“It was his choice and he was obviously unhappy with his position in Detroit. I hope he won’t suffer the fate of other people who have played too long.
“It would make me sick if instead of applause he was greeted by boos. It would make me sorry to see him in that position.”
Howe, of course, went on to play six seasons in the WHA along with one more in the NHL for good measure, retiring in 1980 at the age of 52. Campbell retired in 1977.
THIRD. Andrew Podnieks has a great piece about our hockey-loving heads of state at iihf.com. On the occasion of Governor-General David Johnston’s patronage of the Women’s World Championship that wraps up tonight in Ottawa, Podnieks talked to him his early hockey in Sault Ste. Marie, where his U-17 teammates included Phil and Tony Esposito and Lou Nanne.
Johnston went on to Harvard, where he ended up captaining the hockey team. Like Michael Shanks, he came to the point where he had to decide whether to continue. Podnieks:
He played for four years starting in 1959 under coach Cooney Weiland, Boston Bruins legend and member of the Hockey Hall of Fame, and was good enough that a career in the pro ranks was not out of the question.
“I did [consider a pro career],” he confessed. “I was 150 pounds at Harvard. I played defence, and I was in the hospital the last two weeks of my final season with mononucleosis, but I had been invited to the Bruins training camp. This was before the draft, and there were only six teams in the NHL. I think if I had been healthier, stronger, and played when there were 30 teams, not six, I probably would have told myself to go. But, I had a scholarship opportunity in Cambridge, England to study law, and the law called me.”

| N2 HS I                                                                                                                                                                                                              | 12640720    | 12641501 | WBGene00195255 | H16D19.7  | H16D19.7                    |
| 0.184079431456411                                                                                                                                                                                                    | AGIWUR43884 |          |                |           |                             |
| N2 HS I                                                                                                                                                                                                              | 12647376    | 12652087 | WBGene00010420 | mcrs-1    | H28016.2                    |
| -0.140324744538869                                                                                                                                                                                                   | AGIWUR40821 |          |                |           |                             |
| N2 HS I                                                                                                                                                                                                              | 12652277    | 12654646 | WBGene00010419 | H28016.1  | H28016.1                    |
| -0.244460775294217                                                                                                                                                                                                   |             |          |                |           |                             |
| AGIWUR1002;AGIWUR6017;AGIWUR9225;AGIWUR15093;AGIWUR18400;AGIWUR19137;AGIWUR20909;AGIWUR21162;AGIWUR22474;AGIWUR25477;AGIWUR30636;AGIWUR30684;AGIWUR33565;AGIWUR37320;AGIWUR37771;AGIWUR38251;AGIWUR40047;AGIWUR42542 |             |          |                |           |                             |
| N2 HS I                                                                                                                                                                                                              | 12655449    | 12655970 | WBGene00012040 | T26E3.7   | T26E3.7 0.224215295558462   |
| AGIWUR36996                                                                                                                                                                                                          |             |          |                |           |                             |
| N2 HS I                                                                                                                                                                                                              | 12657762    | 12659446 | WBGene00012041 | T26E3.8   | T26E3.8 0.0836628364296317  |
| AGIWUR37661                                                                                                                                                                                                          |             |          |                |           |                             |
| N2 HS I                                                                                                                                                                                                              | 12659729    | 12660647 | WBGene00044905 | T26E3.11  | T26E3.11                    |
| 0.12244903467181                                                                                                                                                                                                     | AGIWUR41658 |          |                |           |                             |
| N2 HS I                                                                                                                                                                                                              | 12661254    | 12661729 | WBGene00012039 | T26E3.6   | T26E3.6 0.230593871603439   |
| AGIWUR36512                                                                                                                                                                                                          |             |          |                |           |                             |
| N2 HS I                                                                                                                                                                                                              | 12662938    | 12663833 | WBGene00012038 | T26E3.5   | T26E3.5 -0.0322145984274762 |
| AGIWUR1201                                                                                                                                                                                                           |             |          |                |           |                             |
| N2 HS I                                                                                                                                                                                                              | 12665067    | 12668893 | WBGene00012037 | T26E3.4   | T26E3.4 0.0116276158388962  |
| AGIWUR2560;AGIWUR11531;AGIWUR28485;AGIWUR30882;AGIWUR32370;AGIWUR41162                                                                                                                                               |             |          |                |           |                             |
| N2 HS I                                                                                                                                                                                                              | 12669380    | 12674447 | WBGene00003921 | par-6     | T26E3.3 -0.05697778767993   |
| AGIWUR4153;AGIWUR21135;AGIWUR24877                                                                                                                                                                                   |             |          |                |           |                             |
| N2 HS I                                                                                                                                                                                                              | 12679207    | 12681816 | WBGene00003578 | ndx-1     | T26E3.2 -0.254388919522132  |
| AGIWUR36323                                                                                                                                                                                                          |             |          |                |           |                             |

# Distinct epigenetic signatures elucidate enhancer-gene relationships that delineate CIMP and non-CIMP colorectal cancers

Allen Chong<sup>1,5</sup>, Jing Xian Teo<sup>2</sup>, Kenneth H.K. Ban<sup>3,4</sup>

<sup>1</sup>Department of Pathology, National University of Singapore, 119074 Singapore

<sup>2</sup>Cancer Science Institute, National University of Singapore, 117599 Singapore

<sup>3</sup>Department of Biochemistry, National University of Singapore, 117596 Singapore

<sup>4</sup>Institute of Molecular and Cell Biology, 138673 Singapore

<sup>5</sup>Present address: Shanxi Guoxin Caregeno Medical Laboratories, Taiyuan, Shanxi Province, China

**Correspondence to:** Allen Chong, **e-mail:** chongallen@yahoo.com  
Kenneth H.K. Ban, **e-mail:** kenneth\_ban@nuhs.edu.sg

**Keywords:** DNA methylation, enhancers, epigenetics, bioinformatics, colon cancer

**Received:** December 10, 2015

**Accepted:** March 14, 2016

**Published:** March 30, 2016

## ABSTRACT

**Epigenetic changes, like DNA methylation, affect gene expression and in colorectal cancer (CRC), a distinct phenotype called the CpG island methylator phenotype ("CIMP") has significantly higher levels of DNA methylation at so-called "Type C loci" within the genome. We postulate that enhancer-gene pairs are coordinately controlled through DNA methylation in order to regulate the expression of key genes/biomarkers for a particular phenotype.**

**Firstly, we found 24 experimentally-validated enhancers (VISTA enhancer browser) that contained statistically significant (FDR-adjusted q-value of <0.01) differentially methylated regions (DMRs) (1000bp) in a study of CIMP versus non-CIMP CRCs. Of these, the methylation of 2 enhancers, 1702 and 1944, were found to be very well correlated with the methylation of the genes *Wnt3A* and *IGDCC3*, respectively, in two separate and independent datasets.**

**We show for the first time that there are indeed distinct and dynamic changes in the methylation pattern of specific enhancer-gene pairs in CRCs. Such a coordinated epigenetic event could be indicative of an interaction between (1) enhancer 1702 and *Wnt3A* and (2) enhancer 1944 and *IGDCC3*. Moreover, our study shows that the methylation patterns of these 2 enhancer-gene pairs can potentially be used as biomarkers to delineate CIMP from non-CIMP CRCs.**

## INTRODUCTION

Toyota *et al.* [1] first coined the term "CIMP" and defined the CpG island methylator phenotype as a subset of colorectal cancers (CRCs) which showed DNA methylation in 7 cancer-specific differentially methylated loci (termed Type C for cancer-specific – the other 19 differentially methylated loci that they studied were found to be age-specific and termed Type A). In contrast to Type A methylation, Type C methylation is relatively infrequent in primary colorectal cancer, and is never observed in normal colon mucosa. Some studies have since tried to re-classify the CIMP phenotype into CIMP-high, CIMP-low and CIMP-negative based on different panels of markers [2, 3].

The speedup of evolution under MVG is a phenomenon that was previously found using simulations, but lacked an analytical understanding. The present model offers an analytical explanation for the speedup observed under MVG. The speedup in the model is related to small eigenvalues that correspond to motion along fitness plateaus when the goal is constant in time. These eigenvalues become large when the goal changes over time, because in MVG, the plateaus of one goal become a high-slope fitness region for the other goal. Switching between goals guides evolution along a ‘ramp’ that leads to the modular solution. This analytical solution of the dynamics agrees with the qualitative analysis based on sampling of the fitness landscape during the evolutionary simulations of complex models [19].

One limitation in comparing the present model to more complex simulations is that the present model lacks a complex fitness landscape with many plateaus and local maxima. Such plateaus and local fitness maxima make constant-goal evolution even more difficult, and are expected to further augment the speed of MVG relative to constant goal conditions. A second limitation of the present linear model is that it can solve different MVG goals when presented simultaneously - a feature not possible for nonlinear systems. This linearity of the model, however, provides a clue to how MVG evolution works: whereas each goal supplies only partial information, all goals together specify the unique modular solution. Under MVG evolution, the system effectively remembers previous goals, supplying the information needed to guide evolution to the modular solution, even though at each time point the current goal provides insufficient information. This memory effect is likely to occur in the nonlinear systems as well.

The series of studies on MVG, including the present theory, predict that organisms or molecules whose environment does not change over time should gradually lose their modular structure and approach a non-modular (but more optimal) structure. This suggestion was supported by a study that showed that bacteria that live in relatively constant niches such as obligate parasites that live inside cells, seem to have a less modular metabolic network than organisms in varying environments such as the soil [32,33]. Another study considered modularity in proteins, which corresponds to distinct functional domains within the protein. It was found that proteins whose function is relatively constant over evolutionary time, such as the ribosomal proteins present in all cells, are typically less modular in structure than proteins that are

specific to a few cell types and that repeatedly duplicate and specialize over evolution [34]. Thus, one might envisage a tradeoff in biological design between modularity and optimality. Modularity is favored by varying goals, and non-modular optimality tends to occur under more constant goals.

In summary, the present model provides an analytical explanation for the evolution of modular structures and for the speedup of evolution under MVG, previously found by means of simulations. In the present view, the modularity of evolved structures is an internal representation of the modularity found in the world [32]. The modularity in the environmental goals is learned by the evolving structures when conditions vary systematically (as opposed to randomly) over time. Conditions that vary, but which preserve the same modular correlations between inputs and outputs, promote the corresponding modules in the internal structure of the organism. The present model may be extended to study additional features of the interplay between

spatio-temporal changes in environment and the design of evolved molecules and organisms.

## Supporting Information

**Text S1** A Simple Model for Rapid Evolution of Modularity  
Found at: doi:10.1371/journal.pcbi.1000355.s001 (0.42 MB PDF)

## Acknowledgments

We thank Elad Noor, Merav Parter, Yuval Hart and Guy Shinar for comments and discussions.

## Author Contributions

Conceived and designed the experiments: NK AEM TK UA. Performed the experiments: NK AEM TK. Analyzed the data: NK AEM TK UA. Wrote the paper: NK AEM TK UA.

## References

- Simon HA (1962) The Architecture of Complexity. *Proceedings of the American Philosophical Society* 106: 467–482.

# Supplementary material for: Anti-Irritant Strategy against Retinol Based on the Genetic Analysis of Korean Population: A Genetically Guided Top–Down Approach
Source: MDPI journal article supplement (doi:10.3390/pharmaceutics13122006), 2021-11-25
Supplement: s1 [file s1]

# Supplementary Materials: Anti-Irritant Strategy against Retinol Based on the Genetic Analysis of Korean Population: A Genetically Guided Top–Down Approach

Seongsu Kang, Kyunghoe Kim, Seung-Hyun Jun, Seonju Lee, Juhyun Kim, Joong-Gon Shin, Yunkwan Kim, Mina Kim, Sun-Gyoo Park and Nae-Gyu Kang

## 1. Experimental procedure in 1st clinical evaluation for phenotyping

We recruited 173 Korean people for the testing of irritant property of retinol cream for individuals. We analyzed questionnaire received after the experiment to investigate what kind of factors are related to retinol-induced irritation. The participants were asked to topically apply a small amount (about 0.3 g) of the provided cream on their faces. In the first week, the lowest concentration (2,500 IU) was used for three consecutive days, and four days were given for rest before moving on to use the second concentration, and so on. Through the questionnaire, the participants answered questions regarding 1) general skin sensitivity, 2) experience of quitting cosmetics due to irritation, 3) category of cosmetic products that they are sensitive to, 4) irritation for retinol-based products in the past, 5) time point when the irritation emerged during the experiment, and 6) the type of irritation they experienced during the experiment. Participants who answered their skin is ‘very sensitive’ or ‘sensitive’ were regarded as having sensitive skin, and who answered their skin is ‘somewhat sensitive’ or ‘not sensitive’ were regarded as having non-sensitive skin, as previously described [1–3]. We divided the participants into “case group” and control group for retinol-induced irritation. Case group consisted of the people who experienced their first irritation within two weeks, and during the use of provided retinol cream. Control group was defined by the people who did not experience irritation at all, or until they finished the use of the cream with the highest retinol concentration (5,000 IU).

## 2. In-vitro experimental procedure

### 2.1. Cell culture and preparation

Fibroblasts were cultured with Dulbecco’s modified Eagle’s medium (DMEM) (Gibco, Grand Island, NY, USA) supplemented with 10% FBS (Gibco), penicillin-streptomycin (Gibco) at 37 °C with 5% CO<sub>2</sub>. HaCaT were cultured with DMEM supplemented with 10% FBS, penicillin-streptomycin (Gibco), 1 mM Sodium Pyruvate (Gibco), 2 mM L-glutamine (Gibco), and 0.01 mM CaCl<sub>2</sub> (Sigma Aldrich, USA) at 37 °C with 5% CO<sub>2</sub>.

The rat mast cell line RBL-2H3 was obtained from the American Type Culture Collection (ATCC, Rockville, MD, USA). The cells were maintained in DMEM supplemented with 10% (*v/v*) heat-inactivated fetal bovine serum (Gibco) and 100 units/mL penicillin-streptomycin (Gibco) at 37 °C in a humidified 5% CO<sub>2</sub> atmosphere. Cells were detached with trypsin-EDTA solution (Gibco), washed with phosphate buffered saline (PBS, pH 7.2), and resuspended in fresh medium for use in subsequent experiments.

Along with his skill as a player, Podnieks points to the GG’s “Drydenian” understanding of the game’s details:
“I played forward and defence, and at one point I even played goal,” Johnston explained. “The thing I enjoyed most about hockey was seeing the whole ice and being able to see how individual virtuosity works into overall plan. I loved the strategy and the on-the-go intelligence of the game. I love the intensity. It’s played at such speed that you simply cannot skate for more than a minute or so without requiring relief. Very few sports have the same intensity that you need wave upon wave of players to maintain that intensity.”
OVERTIME. Reporting in the fall of 1934 of the Montreal Canadiens’ preparations for the upcoming season, Montreal’s Gazette noted that coach Newsy Lalonde was tending towards a number one line of Wildor Larochelle on the right, Pit Lepine at centre, Aurele Joliat over on the left. Further down the bench, Lalonde had Nels Crutchfield centering Joe Lamb and Jack McGill in the pre-season: “the first completely English line ever turned out by the Canadiens,” according to the paper.